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Written by: Anālayo
Published: August 1, 2004


Anālayo's work begins by situating the Satipaṭṭhāna Sutta within the larger Buddhist canon, highlighting its significance for cultivating mindfulness and insight. The text dissects the sutta meticulously, examining its Pali and Chinese versions, to distill the essence of satipaṭṭhāna practice. The book is structured to reflect the four foundations of mindfulness as laid out in the sutta: mindfulness of the body, feelings, mind, and dhammas (phenomena or teachings).

The section on mindfulness of the body discusses practices such as breath meditation, postures, and contemplation of bodily components. Anālayo explains how these practices can lead to a deeper understanding of the impermanent nature of the body and help in overcoming attachment and aversion.

Mindfulness of feelings explores observing sensations without attachment, recognizing their impermanent nature, and developing equanimity. Anālayo delves into the nuanced understanding of feelings, not as emotional states, but as experiences that can be categorized as pleasant, unpleasant, or neutral.

The mindfulness of mind section addresses the observation and understanding of one's own mind. Anālayo guides the reader through practices for recognizing the mind's current state, whether it is lustful, angry, distracted, or concentrated, and outlines methods for cultivating a balanced and focused mind.

Finally, mindfulness of dhammas involves a profound engagement with Buddhist teachings, such as the five hindrances, the seven factors of enlightenment, and the Four Noble Truths. Anālayo presents this as a way to directly apply doctrinal understanding in meditation practice, leading to insight and liberation.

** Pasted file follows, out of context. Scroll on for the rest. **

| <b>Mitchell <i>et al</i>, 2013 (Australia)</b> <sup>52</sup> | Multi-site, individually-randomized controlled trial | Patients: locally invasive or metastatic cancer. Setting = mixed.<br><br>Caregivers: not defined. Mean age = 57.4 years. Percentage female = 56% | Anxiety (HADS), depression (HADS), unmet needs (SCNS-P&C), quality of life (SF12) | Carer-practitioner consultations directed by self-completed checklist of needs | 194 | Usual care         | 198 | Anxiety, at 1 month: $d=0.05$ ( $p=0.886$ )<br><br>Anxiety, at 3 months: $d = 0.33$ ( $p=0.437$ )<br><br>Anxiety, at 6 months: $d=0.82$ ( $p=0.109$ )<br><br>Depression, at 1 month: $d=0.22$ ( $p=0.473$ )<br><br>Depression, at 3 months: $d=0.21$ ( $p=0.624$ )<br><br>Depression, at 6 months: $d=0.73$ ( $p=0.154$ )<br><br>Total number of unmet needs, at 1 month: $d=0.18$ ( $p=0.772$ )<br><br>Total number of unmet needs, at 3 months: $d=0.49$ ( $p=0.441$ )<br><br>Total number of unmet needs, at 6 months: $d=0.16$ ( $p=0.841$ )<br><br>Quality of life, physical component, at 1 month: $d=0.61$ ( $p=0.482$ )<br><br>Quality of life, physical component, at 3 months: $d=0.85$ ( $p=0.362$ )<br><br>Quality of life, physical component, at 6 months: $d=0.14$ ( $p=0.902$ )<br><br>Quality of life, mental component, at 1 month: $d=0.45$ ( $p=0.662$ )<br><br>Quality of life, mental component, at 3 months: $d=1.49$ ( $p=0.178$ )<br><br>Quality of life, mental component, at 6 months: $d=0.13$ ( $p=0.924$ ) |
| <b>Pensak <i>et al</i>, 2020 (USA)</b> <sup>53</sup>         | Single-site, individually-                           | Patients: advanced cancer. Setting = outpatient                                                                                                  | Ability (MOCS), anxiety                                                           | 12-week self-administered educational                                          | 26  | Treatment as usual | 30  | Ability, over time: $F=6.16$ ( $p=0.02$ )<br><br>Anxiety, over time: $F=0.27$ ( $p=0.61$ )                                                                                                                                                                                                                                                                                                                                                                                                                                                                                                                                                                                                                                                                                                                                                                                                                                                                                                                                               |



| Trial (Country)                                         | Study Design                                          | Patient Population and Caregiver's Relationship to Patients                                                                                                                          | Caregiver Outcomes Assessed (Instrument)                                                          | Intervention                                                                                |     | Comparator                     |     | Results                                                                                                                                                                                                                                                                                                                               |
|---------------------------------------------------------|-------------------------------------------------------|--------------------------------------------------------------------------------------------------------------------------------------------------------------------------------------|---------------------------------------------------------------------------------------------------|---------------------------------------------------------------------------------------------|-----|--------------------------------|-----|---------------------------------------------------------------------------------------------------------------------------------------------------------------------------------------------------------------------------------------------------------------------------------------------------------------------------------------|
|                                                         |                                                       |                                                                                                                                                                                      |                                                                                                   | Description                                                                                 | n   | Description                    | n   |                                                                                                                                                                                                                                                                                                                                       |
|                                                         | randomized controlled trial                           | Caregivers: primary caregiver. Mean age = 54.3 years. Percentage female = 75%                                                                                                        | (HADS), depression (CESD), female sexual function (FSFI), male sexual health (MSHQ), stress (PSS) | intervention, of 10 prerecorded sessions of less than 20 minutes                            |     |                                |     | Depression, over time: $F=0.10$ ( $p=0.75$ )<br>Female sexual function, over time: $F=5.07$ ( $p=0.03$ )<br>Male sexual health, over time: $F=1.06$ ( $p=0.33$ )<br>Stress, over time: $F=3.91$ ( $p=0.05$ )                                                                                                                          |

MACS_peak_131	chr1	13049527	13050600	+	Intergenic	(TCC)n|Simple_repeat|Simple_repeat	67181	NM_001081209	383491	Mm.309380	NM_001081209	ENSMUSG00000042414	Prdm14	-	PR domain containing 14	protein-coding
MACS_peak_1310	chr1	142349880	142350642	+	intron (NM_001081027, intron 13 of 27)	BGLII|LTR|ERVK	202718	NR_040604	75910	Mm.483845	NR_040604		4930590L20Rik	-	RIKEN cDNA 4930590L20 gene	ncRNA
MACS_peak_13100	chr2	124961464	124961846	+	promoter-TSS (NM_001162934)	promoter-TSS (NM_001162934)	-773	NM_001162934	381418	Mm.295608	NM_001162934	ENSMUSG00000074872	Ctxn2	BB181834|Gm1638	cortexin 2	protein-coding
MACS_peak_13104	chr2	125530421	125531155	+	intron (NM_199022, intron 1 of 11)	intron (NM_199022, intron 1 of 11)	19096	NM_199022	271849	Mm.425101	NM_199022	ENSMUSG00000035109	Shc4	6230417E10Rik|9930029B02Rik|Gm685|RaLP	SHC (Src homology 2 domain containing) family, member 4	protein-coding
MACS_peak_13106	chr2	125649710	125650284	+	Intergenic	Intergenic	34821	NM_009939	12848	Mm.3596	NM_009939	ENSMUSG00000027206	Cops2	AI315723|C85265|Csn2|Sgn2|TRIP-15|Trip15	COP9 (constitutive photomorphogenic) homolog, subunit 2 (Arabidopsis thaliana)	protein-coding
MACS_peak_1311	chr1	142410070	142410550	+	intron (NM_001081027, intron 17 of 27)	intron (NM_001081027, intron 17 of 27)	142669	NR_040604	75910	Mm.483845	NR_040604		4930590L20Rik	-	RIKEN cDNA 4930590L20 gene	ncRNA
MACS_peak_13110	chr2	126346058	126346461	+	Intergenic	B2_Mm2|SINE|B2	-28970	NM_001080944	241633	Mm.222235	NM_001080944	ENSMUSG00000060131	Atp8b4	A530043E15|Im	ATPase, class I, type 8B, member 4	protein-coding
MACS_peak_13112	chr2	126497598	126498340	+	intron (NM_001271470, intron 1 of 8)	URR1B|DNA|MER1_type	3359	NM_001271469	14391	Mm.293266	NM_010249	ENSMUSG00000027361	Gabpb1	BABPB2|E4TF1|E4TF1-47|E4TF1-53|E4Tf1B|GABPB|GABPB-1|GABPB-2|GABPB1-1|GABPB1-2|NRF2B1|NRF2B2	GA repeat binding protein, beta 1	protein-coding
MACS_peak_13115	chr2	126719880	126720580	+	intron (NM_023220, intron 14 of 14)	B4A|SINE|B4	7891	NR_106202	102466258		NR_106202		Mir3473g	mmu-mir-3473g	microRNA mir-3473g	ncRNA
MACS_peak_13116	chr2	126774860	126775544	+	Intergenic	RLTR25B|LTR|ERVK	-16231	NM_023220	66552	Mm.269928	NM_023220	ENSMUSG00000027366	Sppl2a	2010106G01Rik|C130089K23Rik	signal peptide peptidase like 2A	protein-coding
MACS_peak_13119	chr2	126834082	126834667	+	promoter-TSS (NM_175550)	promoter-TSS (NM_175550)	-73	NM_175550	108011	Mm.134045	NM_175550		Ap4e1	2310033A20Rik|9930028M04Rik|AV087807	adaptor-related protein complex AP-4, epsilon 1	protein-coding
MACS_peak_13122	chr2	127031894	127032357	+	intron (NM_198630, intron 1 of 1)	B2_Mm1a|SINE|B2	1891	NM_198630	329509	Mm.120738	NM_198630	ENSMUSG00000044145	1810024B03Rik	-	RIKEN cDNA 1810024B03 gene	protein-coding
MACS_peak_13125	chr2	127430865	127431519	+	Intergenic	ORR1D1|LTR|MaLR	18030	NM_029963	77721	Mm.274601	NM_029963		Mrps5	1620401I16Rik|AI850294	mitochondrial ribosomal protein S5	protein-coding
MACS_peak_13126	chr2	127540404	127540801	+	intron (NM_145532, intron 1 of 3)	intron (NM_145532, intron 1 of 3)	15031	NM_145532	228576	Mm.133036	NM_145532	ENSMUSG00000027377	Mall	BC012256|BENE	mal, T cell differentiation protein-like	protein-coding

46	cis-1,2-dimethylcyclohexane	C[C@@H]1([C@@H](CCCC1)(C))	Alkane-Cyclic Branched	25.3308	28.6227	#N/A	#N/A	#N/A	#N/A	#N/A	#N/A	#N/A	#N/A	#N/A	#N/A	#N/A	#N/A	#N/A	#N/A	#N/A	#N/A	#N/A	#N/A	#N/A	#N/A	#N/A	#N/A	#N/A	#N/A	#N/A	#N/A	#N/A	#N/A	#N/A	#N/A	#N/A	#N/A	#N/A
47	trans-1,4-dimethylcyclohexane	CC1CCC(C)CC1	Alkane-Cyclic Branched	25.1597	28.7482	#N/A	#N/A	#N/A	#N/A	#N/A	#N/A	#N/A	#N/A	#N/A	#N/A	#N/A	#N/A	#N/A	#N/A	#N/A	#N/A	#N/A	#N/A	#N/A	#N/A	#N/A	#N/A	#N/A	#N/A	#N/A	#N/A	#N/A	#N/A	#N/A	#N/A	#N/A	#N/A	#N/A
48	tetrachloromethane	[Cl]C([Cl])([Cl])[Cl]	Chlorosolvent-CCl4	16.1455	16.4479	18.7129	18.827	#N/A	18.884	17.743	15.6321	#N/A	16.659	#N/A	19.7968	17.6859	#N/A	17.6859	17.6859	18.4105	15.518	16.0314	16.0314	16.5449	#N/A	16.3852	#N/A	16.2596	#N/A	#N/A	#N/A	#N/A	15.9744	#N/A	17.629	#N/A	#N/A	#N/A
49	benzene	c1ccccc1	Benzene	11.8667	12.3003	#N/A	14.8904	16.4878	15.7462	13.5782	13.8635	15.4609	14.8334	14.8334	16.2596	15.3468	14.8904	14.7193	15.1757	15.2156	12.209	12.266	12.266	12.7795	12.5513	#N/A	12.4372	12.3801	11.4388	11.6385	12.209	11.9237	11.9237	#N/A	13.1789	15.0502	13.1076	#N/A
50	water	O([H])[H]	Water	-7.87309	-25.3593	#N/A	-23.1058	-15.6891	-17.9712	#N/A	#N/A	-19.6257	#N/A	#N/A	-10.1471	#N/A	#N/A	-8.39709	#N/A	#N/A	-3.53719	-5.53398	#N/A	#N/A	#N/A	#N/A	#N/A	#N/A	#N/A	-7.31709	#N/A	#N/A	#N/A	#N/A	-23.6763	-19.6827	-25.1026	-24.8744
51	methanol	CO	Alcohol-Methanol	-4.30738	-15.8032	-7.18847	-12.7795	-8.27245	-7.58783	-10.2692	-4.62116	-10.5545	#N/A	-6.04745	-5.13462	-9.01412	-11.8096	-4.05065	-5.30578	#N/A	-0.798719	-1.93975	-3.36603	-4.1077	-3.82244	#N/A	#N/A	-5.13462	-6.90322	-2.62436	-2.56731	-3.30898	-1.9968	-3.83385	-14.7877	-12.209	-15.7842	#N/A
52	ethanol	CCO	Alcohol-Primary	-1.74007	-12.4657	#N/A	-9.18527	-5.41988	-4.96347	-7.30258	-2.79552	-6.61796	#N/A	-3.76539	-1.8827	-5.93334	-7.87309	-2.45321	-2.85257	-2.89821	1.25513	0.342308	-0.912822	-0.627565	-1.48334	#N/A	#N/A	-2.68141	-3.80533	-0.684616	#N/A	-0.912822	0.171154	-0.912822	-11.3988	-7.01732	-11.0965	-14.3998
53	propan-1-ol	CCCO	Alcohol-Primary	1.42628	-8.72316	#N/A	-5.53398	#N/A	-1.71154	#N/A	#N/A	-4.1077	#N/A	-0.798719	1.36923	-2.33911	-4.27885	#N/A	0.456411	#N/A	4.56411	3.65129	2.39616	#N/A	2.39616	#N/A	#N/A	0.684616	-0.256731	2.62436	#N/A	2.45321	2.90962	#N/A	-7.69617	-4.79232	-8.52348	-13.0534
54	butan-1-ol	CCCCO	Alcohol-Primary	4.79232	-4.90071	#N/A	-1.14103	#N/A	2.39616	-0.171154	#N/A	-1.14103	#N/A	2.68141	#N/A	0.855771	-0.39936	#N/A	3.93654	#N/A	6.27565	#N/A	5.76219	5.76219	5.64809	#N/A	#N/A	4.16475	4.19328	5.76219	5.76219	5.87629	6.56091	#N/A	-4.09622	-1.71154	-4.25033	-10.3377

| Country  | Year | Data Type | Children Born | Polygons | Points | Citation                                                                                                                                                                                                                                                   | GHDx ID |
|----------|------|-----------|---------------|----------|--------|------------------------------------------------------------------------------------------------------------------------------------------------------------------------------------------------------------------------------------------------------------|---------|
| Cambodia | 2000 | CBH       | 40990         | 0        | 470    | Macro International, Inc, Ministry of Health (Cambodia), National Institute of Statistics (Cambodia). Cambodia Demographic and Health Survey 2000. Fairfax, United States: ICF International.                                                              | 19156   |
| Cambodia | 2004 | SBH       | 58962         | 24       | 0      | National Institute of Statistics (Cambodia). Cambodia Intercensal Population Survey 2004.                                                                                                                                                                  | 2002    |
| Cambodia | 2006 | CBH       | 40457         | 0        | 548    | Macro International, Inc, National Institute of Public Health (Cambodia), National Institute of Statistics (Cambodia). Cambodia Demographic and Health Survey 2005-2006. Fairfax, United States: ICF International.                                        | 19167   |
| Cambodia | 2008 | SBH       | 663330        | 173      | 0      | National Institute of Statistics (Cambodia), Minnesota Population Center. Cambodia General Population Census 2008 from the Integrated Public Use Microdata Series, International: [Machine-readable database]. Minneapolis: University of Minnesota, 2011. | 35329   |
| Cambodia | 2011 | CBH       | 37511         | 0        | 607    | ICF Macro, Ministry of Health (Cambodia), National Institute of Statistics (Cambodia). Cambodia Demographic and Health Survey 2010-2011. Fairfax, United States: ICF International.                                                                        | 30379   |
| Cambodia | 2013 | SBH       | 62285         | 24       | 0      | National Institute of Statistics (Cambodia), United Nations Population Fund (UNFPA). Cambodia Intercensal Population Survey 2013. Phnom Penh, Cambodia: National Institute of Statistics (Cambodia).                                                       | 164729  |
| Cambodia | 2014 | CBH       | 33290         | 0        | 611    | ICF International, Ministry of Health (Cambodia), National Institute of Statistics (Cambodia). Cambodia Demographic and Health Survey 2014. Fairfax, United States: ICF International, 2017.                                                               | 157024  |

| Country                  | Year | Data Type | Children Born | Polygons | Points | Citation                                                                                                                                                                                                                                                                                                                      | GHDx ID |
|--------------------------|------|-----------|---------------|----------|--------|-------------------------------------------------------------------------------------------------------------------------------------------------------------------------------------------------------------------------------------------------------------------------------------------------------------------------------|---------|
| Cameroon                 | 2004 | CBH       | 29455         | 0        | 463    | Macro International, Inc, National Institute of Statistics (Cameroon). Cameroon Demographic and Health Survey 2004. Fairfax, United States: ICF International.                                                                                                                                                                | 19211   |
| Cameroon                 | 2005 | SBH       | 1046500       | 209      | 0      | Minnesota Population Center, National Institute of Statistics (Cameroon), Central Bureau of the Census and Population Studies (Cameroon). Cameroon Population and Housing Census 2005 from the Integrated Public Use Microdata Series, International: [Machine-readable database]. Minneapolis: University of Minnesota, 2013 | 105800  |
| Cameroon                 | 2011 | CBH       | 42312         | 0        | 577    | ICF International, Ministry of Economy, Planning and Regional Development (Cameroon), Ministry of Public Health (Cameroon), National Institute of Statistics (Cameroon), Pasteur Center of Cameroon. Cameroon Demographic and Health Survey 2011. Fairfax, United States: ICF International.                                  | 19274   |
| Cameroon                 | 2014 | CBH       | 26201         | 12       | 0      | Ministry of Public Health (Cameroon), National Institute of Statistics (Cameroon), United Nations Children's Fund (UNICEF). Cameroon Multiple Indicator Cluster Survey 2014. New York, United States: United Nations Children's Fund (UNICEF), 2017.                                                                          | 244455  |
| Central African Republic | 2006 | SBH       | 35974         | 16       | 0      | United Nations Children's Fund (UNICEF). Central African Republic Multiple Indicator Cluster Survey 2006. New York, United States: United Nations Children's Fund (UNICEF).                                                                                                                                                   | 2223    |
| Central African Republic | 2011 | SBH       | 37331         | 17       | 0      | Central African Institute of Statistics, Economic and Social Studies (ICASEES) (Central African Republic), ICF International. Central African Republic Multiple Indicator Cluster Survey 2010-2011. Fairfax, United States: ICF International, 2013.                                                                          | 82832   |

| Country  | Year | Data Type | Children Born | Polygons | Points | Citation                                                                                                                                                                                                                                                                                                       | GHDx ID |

Anālayo also provides practical advice for meditators, emphasizing the importance of diligent practice, patience, and continuity. He discusses the challenges and obstacles that practitioners may face and offers guidance on how to overcome them.

The book ends with a discussion on the goal of satipaṭṭhāna practice: the realization of Nibbāna, the ultimate freedom from suffering. Anālayo presents this not as a distant or mystical state but as a potential here and now, accessible through the clear seeing and understanding developed in mindfulness practice.

Final Thoughts

"Satipaṭṭhāna: The Direct Path to Realization" serves as both a scholarly exposition and a practical guide to one of Buddhism's most vital practices. Anālayo's work is a valuable resource for anyone serious about deepening their understanding of satipaṭṭhāna and pursuing the path of mindfulness toward the ultimate freedom from suffering.